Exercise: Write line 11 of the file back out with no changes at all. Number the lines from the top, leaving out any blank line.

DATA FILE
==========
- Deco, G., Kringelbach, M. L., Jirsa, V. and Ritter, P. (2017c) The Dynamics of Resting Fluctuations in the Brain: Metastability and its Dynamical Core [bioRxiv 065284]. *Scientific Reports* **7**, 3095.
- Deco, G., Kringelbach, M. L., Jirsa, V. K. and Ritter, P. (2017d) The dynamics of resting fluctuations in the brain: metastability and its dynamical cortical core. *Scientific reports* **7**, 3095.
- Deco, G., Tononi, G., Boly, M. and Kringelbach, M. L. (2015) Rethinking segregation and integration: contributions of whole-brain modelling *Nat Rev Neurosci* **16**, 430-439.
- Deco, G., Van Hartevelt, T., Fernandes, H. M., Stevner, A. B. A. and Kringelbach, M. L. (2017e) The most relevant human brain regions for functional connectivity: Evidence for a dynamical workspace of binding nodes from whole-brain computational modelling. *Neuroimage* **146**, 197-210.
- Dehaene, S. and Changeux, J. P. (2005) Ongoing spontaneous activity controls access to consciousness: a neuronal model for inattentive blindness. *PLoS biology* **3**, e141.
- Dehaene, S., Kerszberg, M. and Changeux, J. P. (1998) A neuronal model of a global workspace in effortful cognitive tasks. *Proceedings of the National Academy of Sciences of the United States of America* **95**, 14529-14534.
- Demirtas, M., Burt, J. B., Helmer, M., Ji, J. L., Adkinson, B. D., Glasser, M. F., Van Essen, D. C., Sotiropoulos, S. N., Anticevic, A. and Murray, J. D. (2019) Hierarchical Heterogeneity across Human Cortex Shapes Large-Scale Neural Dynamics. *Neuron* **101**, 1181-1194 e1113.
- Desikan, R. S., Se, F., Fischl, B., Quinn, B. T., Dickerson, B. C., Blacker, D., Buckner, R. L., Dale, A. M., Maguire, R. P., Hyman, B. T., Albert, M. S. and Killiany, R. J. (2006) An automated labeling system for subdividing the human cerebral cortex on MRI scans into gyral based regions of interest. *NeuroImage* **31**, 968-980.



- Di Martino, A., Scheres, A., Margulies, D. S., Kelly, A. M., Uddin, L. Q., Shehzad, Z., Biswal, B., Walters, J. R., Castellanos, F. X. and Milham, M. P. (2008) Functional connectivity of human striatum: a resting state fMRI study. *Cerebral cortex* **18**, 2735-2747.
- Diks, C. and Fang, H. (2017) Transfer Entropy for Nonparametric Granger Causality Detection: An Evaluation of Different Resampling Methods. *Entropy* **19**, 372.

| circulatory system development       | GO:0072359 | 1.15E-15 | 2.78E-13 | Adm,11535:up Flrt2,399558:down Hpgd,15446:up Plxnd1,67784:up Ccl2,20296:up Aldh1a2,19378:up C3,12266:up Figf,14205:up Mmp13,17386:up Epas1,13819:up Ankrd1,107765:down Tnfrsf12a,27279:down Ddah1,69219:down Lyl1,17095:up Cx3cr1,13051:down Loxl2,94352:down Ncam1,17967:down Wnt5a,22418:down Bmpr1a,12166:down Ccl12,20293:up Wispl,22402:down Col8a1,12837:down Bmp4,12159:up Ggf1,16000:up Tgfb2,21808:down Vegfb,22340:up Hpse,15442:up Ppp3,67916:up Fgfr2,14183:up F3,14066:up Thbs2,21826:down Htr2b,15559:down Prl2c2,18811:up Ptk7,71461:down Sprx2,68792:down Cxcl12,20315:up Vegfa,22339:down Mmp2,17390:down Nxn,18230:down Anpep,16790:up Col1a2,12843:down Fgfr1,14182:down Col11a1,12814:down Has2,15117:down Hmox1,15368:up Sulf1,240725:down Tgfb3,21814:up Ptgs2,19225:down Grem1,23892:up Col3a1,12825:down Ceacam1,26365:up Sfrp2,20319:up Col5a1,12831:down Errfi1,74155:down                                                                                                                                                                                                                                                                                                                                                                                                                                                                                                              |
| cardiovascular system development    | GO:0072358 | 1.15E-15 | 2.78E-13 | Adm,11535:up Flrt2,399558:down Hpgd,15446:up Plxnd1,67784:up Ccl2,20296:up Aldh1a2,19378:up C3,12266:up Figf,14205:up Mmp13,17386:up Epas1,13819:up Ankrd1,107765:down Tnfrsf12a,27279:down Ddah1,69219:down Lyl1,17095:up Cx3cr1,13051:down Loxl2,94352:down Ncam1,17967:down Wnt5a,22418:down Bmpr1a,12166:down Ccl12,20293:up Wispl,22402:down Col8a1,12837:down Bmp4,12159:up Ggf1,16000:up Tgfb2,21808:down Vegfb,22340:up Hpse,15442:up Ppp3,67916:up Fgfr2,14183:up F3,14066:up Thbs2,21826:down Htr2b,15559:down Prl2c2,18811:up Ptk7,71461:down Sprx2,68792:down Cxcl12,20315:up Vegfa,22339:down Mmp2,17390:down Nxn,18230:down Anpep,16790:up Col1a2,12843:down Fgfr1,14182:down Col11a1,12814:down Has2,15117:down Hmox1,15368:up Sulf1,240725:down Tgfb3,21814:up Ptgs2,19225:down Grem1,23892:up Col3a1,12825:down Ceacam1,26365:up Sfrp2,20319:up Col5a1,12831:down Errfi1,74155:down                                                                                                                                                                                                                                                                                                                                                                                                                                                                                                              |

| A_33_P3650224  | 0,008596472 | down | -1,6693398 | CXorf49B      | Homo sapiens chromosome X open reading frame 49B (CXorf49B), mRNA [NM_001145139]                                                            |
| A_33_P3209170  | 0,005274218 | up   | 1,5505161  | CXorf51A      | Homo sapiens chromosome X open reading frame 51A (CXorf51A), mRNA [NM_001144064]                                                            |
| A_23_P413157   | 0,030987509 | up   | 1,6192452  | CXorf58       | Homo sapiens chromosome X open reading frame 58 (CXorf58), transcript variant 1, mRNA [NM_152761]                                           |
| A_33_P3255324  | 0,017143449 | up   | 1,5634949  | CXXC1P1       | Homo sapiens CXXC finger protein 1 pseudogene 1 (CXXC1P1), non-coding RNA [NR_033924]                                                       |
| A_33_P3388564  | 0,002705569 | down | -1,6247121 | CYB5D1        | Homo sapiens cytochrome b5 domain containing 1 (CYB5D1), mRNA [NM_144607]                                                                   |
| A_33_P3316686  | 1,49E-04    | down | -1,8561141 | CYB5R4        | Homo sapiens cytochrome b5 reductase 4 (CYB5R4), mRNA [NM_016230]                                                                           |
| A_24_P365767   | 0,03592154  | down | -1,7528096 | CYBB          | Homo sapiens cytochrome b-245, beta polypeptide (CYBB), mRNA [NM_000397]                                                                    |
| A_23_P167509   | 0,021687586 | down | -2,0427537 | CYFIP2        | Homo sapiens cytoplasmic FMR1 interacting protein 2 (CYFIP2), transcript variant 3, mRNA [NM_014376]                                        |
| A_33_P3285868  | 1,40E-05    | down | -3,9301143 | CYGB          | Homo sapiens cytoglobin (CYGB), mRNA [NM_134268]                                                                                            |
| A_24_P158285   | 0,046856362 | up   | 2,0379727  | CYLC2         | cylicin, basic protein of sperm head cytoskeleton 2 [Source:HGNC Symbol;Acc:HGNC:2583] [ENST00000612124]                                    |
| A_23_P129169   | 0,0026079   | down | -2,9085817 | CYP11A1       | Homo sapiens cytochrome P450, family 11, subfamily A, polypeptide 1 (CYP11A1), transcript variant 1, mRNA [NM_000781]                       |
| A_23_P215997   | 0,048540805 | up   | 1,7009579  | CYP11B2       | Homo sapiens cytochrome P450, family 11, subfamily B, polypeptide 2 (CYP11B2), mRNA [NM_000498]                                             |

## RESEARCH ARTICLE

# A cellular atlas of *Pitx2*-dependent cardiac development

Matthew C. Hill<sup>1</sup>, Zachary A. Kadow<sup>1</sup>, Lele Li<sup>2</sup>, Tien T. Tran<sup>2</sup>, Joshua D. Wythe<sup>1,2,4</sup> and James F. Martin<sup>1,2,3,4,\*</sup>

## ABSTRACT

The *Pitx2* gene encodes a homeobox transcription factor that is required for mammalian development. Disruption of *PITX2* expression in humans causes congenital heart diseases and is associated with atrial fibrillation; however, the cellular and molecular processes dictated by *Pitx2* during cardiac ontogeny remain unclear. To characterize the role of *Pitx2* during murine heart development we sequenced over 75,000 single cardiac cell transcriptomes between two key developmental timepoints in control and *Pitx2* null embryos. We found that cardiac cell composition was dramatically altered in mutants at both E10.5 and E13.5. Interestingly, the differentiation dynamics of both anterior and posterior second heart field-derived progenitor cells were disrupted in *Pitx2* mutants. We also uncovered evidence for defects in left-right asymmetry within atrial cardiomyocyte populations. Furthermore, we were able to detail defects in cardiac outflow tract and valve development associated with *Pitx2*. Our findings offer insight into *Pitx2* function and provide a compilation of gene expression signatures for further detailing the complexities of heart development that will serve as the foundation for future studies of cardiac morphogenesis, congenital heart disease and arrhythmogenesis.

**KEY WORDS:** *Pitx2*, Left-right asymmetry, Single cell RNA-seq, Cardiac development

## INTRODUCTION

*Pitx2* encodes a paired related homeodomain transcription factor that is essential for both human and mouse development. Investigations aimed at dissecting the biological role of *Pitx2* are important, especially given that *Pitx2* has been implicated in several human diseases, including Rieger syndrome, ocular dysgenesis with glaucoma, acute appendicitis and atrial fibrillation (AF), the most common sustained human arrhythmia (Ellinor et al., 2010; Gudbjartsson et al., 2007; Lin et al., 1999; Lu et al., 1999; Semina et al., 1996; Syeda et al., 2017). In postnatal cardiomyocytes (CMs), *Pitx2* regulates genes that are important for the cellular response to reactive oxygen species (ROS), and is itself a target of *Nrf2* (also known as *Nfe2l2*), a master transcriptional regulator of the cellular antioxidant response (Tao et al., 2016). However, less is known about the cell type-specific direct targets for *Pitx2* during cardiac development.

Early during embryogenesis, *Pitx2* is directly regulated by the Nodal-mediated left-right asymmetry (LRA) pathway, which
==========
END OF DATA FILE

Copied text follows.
| circulatory system development       | GO:0072359 | 1.15E-15 | 2.78E-13 | Adm,11535:up Flrt2,399558:down Hpgd,15446:up Plxnd1,67784:up Ccl2,20296:up Aldh1a2,19378:up C3,12266:up Figf,14205:up Mmp13,17386:up Epas1,13819:up Ankrd1,107765:down Tnfrsf12a,27279:down Ddah1,69219:down Lyl1,17095:up Cx3cr1,13051:down Loxl2,94352:down Ncam1,17967:down Wnt5a,22418:down Bmpr1a,12166:down Ccl12,20293:up Wispl,22402:down Col8a1,12837:down Bmp4,12159:up Ggf1,16000:up Tgfb2,21808:down Vegfb,22340:up Hpse,15442:up Ppp3,67916:up Fgfr2,14183:up F3,14066:up Thbs2,21826:down Htr2b,15559:down Prl2c2,18811:up Ptk7,71461:down Sprx2,68792:down Cxcl12,20315:up Vegfa,22339:down Mmp2,17390:down Nxn,18230:down Anpep,16790:up Col1a2,12843:down Fgfr1,14182:down Col11a1,12814:down Has2,15117:down Hmox1,15368:up Sulf1,240725:down Tgfb3,21814:up Ptgs2,19225:down Grem1,23892:up Col3a1,12825:down Ceacam1,26365:up Sfrp2,20319:up Col5a1,12831:down Errfi1,74155:down                                                                                                                                                                                                                                                                                                                                                                                                                                                                                                              |